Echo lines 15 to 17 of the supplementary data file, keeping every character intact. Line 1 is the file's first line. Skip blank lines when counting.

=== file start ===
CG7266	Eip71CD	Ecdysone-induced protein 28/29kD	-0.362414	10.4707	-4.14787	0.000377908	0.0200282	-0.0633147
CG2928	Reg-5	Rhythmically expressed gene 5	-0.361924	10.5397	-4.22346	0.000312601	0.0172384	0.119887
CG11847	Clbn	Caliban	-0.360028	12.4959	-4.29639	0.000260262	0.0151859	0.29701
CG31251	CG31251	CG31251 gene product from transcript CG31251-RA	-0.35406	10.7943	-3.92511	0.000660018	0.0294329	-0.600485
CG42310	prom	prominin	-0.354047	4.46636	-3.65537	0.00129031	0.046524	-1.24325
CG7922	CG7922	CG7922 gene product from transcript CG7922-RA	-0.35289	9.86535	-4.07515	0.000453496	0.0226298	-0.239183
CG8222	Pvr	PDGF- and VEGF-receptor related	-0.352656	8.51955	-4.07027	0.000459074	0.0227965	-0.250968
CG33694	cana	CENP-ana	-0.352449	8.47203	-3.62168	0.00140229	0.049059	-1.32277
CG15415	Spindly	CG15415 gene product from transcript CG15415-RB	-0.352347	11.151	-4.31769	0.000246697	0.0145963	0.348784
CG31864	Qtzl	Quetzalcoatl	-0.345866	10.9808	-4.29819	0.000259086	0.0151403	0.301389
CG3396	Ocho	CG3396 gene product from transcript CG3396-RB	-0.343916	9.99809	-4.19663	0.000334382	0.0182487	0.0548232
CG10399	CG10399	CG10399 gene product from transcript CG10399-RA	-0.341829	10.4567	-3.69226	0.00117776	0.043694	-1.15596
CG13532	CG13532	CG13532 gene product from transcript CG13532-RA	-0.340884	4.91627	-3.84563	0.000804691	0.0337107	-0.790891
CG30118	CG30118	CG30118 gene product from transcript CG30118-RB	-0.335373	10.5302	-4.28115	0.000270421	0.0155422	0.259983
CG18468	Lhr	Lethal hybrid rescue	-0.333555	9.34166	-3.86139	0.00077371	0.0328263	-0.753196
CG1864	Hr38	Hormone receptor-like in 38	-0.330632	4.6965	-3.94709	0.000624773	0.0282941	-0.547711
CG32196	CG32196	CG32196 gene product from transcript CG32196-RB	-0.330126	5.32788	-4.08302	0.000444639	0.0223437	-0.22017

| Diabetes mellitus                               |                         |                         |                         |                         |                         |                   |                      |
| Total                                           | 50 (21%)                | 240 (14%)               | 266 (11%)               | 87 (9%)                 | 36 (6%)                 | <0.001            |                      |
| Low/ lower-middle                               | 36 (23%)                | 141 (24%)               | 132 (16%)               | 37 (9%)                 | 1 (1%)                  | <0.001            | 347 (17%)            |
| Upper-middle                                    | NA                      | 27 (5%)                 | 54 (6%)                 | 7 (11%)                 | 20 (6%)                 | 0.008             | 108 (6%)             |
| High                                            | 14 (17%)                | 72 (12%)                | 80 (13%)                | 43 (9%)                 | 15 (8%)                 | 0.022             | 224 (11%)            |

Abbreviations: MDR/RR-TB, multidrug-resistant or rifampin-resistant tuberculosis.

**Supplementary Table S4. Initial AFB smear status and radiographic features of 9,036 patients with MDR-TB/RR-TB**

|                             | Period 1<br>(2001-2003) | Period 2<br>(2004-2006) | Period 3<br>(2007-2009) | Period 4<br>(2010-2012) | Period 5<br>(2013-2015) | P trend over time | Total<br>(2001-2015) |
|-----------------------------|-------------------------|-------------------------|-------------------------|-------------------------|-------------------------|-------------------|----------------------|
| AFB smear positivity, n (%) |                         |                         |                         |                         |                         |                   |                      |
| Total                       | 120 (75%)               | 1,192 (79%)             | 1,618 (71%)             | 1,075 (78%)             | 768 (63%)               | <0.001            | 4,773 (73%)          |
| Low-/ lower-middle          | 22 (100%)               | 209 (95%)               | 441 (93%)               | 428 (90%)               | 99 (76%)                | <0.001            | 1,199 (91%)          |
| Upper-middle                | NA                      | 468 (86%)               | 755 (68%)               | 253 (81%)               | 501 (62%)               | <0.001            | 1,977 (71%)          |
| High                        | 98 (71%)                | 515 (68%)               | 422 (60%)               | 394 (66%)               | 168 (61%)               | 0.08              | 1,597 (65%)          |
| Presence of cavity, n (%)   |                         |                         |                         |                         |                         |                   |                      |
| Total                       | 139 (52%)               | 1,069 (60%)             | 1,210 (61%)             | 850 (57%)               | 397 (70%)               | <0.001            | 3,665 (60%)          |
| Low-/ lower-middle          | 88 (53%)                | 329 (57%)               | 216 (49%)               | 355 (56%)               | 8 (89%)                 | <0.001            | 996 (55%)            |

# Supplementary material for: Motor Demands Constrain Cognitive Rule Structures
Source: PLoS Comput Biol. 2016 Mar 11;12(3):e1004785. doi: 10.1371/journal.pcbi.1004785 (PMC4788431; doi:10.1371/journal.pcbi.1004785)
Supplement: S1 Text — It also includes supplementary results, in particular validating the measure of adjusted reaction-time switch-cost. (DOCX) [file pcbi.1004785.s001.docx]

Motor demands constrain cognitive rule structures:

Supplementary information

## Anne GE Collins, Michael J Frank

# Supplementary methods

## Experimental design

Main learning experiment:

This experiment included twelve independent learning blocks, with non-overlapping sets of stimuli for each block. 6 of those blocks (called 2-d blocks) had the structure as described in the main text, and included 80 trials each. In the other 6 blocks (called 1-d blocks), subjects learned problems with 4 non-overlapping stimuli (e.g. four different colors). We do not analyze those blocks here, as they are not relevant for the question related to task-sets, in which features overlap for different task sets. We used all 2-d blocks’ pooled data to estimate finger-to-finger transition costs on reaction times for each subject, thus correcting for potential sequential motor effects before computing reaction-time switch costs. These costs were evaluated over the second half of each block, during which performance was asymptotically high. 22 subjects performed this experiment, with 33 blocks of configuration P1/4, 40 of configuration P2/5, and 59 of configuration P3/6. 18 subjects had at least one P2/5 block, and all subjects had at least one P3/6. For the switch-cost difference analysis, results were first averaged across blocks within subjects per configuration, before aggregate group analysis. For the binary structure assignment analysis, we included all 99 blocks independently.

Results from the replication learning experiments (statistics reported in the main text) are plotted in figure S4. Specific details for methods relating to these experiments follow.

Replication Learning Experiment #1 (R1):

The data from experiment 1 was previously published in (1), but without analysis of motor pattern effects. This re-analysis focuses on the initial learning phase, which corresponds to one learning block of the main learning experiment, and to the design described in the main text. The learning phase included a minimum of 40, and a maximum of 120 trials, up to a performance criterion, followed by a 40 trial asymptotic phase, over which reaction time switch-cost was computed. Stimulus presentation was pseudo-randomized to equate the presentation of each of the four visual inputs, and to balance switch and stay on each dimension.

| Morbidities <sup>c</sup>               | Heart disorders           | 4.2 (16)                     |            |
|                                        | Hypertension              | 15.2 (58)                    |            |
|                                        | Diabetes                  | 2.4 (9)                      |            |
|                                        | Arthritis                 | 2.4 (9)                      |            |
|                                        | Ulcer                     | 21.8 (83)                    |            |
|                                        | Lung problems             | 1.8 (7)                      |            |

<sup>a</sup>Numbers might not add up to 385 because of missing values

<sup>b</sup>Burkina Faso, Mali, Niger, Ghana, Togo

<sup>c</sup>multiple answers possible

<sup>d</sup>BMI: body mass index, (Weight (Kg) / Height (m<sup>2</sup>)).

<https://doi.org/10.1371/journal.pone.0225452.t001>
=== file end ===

CG18468	Lhr	Lethal hybrid rescue	-0.333555	9.34166	-3.86139	0.00077371	0.0328263	-0.753196
CG1864	Hr38	Hormone receptor-like in 38	-0.330632	4.6965	-3.94709	0.000624773	0.0282941	-0.547711
CG32196	CG32196	CG32196 gene product from transcript CG32196-RB	-0.330126	5.32788	-4.08302	0.000444639	0.0223437	-0.22017